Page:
Walking with Horatio at the back of fields near the moorland peaks, I don’t mind saying, this chapter is possibly one of the most effective of those longest childhood summers as a memory that you will ever read, involving a first kiss amid young love at age nine. Charlie then, that nine year old girl, with the same exact birthday as mine. “— with Horatio I am never sure there is such a thing as coincidence —“
    Meanwhile, Claudia had stayed at home to have a bath, “and I was okay with that.” Being okay with things is the stoical soul of this book.

  28. 25.

    “Mines’ve all been sealed up. Have been for years. Nothing gonna go down there now.”

    The ground has collapsed from under my feet, or the roof on my world has blown off, because this longish disturbing chapter has made me doubt my own sense of fiction and truth. Concerning the existence of fixtures in my life, let alone the fading memories of old age, as well as the very existences of characters here, like Horatio himself and Auntie Babs, and the one who had left me landed with looking after Horatio. And, to crown it all, the combustibility of cattle! Rawhide, rawhide, get those dogies movin’
    – honestly, a momentous chapter.

  29. 26.

    “…and they say there is no gain without pain.”

    Today’s homely Horatio truths – this book teems with oblique wisdoms and off-beat insights … and now I learn a lot about people’s relationships, their sporadic elements, their trigger points. And today also about footwear and actual feet’s wear and tear, and charity shops and self-conscious vanity about the way one looks in certain dress codes — and inferences about a dog’s thoughts when he is embarrassed upon seeing his doings being carried about in nude or transparent packages. As to welder’s clodhoppers, we all have a pair in our boots, don’t we?

  30. 27.

    This is the chapter where I lopped and chopped an apple tree with a bread knife for Mrs Carroll. And Mr Carroll “clomped” around in physical echo of Henry’s missing leg, oops, Horatio’s. Featuring homemade lemonade and two 99s on tick from Big Amanda’s resurrected ice cream van. These characters make me feel at home with this book, and I shall be sorry when it finishes. This chapter also ends with a memorable dream sequence involving a giant apple tree and a parachute. A dream sequence worthy of more famous writers. I am pleased with how I have dealt with this chapter, almost as efficiently as I earlier dealt with the apple tree! Teaches me to turn blind eyes to things I don’t really want to think about, and all is well with the world. Let’s hope it remains so. I had a most difficult day yesterday in my own real-time, but now all successfully put out of mind. At least for a while.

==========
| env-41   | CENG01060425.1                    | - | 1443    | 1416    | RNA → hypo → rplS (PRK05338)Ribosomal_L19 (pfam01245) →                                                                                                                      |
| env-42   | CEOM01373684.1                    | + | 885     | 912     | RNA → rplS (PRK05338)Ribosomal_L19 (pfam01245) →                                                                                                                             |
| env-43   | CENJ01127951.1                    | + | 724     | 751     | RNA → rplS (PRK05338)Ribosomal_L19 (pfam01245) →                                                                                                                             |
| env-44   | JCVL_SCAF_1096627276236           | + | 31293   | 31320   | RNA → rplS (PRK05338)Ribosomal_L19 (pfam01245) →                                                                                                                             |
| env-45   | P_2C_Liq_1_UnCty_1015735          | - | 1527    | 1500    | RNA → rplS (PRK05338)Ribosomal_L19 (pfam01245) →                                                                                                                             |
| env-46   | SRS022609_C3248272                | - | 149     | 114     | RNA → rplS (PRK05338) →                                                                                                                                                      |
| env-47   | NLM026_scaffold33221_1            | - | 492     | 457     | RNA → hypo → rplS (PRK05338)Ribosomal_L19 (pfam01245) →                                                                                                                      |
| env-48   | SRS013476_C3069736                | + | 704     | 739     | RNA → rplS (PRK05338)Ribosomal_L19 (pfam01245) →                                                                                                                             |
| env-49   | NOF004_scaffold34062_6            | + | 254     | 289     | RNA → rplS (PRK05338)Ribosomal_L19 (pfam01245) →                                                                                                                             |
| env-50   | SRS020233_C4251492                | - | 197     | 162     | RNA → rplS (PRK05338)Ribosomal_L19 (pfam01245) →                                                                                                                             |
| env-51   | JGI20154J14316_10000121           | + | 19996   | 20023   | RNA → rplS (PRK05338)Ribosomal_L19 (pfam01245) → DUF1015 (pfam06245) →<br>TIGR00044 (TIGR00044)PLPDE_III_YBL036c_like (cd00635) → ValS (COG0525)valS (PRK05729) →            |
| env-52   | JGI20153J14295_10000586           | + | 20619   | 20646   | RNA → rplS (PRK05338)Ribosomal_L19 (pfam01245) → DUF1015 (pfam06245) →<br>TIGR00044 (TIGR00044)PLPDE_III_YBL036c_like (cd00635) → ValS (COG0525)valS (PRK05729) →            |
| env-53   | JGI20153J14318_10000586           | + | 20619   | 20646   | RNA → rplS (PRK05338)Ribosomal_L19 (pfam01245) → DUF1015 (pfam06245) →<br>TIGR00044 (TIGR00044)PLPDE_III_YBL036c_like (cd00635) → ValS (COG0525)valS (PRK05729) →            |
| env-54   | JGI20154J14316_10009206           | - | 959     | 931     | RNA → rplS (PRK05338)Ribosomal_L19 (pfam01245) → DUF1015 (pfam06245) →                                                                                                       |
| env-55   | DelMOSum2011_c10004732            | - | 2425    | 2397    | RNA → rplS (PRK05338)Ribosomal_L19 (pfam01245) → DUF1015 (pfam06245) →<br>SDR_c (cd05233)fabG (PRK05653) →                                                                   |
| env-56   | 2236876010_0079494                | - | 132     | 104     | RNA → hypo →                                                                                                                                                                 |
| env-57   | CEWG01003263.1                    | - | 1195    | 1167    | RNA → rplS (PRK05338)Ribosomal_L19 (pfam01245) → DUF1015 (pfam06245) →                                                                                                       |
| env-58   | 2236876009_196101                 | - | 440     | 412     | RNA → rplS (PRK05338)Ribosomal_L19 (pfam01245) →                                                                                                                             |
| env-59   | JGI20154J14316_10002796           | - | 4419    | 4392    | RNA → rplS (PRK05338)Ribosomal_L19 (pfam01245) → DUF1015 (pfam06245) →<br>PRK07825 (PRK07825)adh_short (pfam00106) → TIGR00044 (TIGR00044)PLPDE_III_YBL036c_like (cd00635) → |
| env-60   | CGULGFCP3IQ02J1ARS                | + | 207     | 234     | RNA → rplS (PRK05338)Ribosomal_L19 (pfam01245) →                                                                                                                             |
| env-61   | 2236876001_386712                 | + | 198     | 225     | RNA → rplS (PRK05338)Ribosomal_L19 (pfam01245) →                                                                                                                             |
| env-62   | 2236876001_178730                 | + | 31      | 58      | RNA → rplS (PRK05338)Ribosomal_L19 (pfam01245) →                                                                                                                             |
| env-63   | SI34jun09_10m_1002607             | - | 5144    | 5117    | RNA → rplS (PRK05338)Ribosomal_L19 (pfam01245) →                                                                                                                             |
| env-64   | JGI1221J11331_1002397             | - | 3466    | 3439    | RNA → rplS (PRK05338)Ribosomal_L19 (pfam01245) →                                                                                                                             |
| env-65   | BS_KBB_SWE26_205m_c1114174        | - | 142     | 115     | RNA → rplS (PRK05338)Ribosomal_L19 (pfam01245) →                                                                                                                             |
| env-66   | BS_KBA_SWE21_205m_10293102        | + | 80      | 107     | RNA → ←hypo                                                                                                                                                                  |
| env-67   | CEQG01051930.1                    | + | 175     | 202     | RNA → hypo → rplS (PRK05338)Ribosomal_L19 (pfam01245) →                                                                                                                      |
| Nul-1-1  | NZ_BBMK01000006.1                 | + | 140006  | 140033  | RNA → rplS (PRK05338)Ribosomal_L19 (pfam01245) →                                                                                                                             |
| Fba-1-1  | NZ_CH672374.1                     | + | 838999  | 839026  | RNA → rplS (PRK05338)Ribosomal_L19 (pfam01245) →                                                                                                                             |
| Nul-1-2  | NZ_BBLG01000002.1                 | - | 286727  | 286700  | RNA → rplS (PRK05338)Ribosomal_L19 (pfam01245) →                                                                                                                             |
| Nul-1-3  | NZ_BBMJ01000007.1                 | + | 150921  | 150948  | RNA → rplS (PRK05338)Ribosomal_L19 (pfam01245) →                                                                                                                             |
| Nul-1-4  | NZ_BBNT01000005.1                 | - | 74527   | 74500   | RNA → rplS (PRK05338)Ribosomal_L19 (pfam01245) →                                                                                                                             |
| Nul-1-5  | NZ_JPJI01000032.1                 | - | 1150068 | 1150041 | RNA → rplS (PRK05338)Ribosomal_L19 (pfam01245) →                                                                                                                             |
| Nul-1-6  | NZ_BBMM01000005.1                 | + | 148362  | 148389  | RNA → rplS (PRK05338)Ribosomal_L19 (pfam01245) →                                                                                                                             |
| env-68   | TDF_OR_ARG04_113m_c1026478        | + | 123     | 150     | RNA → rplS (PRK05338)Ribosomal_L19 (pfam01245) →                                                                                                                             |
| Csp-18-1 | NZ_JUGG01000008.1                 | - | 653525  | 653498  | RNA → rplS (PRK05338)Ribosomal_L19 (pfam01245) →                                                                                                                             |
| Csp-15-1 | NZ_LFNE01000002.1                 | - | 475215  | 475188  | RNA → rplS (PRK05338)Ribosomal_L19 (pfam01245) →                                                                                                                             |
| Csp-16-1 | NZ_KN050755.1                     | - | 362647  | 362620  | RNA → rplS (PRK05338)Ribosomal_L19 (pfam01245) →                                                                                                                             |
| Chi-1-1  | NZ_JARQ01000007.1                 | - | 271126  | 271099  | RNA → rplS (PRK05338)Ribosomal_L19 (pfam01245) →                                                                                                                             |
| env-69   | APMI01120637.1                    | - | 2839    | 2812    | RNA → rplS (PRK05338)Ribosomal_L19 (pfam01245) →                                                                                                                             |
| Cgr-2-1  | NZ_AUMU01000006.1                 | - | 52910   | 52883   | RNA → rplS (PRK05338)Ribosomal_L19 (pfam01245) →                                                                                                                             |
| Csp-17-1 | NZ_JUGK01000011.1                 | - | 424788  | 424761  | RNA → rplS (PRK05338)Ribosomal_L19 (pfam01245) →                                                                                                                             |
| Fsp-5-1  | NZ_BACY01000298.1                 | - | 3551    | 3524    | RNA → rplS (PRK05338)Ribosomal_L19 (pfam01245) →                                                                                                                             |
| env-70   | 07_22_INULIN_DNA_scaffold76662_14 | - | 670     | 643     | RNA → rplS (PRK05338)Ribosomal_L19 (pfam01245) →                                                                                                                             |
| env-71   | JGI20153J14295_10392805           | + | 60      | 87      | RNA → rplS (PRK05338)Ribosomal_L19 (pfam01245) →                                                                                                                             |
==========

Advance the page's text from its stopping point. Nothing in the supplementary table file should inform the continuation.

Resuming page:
31. 28.

    A momentous chapter, of course, and you will have to read it to see why. And a sort of reprise meeting of many of this book’s characters, including eric and his pig (choosing the species of one’s pet actually making it become that species is a symbol for our times?) …. With some exciting scenes of hot air balloons, and I felt that the concept of taking off and landing in one would be a metaphor for life itself. By the way, I often put my hand against the chest of this book and it mainly makes good music, a spiritually good music book or at least so I choose to deem it and I will not brook any argument. Not much further to read in it, and I continue to be sad at the prospect.

  32. 29 & 30

    Over the years, I have often found the ends of books – whether intentionally or not – provide a coda to the rest of the now finished symphony of words. The final two chapters, that I was somehow impelled to read together, provide the finest such coda in any book I have ever read. Full of poignancy and finally of inspiration and hope. Involving the kindness of Claudia – even some indication of kindness from eric! A small e with its pigtail. And Polo Mints and helium balloons. The ‘inspiration and hope’ I mention is either a dream sequence or it is not, but what ever it is, it certainly is an epiphany. And it neatly harks back to the significant ‘snow’ quotation of text I happened to photograph towards the start of this review. Co-vivid Dreams, like filters, can work in both directions of reality-flow. And this book over the weeks has served as a very important part of my lockdown experience. Separately and in preternatural synergy with other books. And I am confident that Horatio will work for everyone eventually, whatever their circumstances or their grief. As an aside, I have learnt a lot, too, in hindsight, from Jules Verne, and I can now today see different ways in how he inspired my own novel from a few years back, a novel recently revealed as somewhat co-vivid prophetic, if I can objectively say so myself. And I return to a quote from yesterday’s Horatio chapter: “Soon as we’ve got some sky.”
    And thanks to Tony who recommended this wonderful book to me at precisely the right time.

    end

    • You’re welcome! I’m just so glad you enjoyed it as much as I did.
      It’s only come to me lately that Horatio represents something we probably all feel, like the unasked for gift of a mysterious, incomplete (we think) universe, one that gets by perfectly well despite our lack of knowledge or understanding or curiosity about how it does. The book for me has become a missing thing itself, memories only (unless I choose to read it again), and yet also a thing I feel supported by.
      I have heard almost everyone who has read this wishes it hadn’t ended. I’m one of them.